"See?" she said "It's really slow! It's not just me!"

Apparently I have some deep technical gift, an ability to approach any technology problem in the house and by simply laying hands on the offending device the problem is immediately solved without me doing anything. At least, that's the way Allison sees it and it's just one of the reasons she's kept me around for so many years. My gift had apparently left me.

I quickly scanned around the desktop of the MacBook and noticed that the Time Machine icon was happily spinning away. When I clicked on the icon I saw the little "Preparing Backup..." message. Over the course of the next 10 minutes or so I noticed that it kept spinning and as a result loading up applications was very slow. I tried to kill the process but it would simply not pay attention to me.

I ended up doing a restart on the machine, which took a while by itself. Once OS X restarted and I was back at the desktop I stopped Time Machine and tried loading up applications. Sure enough, everything was nice and fast again.

It turns out Allison's MacBook was having trouble connecting to our Time Capsule. I went through everything I could, including using the AirPort Utility to attach to the TC, checking all the settings and everything seemed to be fine. Multiple consecutive attempts to restart Time Machine and let it run simply resulted in more waiting while "Preparing Backup..." was spinning away in the background. This led to multiple forced shutdowns while trying different settings.

Finally I started to get some error messages:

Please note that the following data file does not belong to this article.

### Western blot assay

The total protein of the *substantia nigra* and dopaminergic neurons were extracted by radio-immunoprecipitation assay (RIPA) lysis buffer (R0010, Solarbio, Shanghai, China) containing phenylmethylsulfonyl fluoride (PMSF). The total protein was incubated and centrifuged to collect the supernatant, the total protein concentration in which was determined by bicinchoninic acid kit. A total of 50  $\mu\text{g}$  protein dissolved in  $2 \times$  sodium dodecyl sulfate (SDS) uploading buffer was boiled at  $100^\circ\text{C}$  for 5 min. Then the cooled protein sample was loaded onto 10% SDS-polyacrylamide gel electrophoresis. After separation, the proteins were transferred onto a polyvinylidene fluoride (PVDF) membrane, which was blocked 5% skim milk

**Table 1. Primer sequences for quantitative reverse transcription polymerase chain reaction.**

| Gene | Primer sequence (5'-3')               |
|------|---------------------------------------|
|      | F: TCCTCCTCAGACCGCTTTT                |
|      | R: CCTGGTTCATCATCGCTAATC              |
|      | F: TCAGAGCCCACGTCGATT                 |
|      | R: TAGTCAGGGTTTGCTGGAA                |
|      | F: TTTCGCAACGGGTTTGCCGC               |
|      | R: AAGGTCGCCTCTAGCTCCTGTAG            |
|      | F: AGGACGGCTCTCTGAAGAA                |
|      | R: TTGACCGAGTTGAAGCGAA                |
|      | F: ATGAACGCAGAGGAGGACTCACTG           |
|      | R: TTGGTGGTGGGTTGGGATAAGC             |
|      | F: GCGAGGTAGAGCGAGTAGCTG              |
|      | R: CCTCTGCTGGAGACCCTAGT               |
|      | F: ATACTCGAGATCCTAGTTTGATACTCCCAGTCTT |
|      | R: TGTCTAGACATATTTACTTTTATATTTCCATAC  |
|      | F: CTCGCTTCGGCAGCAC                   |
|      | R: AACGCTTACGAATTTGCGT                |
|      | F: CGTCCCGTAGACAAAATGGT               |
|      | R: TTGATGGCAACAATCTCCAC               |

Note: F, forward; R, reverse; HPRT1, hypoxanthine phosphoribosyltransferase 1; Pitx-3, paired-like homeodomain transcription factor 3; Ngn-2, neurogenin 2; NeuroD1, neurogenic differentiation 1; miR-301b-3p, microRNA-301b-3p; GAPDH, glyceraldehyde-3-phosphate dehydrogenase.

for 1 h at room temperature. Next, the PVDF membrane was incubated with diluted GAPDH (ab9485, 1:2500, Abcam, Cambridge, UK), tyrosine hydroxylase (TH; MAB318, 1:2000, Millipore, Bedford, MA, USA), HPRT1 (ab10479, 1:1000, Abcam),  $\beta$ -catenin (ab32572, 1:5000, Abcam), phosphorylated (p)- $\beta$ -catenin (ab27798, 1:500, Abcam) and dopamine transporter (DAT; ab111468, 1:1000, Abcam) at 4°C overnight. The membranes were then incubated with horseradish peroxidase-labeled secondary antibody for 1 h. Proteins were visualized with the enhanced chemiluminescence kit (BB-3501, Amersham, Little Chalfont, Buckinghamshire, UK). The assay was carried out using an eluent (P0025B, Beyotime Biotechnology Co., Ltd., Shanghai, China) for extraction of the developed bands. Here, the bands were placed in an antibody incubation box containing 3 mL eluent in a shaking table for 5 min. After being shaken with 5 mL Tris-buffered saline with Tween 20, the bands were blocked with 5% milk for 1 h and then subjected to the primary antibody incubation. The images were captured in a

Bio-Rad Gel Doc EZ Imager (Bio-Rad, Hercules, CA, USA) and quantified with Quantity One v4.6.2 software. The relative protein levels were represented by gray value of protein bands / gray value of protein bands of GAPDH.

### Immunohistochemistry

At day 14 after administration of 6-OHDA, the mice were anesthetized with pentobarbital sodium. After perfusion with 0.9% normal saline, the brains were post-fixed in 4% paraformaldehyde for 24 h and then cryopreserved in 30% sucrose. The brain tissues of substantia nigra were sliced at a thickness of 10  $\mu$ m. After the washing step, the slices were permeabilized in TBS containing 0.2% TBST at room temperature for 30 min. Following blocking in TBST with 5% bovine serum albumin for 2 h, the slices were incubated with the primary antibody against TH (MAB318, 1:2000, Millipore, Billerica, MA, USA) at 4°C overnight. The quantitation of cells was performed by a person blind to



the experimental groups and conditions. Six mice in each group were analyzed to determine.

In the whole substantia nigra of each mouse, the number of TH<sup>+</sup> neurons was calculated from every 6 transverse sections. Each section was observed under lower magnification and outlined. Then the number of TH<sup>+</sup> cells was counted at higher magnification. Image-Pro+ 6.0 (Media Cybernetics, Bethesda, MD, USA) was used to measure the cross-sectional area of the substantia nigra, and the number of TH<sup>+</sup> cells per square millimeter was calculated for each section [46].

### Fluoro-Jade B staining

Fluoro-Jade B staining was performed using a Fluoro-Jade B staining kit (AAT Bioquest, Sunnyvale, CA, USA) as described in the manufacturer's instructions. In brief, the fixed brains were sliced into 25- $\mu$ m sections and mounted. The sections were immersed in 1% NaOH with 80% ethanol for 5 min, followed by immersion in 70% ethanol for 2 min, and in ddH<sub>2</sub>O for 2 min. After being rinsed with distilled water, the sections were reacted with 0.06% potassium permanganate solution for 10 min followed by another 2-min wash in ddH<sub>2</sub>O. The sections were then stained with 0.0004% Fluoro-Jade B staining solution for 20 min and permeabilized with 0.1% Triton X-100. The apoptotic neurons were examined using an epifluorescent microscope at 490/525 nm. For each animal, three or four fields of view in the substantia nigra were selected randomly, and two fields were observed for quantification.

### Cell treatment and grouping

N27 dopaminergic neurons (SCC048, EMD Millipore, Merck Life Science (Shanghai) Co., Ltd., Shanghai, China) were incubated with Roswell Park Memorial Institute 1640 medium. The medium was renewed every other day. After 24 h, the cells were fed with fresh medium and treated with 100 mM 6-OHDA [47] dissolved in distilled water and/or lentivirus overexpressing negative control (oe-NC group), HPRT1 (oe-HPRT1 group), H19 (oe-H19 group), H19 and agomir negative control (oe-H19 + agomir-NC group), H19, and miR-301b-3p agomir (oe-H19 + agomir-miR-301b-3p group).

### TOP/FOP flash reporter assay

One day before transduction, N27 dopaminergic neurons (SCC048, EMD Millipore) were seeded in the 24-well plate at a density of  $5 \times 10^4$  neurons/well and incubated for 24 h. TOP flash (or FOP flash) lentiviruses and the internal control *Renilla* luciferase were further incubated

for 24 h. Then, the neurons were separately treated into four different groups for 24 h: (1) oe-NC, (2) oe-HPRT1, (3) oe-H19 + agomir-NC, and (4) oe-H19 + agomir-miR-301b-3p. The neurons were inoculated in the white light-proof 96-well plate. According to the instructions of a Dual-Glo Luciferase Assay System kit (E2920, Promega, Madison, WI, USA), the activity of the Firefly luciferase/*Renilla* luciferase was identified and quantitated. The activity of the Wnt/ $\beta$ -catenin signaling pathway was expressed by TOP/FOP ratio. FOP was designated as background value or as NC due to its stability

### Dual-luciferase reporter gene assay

Which was quickly followed by:

This last one was interesting because clicking the Initialize... button resulted in Disk Utility loading up, which couldn't see the Time Capsule drive.

I decided to start over with the Time Capsule since I had another backup of all of Allison's files. I used the AirPort Utility to erase the Time Capsule drive and start over, then made sure I ejected the Time Capsule in the Finder. I did this because in my scans of various forums I had read that Time Capsule seemed sensitive to drives that were already mounted; it was better to let Time Machine mount the drive as it needed it for backups.

Once I did all of this I started up Time Machine, chose the drive and let it start out as a new backup. Since it had to backup the entire machine it took most of last night and on close inspection this morning the hourly backups were now working properly and the performance was back to normal.

The lesson I learned from all of this is that though I love the work Apple has done with their products, especially making them easy to use for most everything, there is still work to be done. This did not appear to be a configuration problem because I initially had Time Machine and our Time Capsule working just fine; it just suddenly decided to stop working properly, something that my reading last night indicates is a fairly common occurrence.

It also means that I now have to check on Allison's MacBook more regularly to ensure that the backups are happening properly. Given the plethora of Time Machine error messages my other Macs get I was surprised to find that this Time Capsule situation didn't generate any visible errors that my wife would report to me so that I knew there was a problem.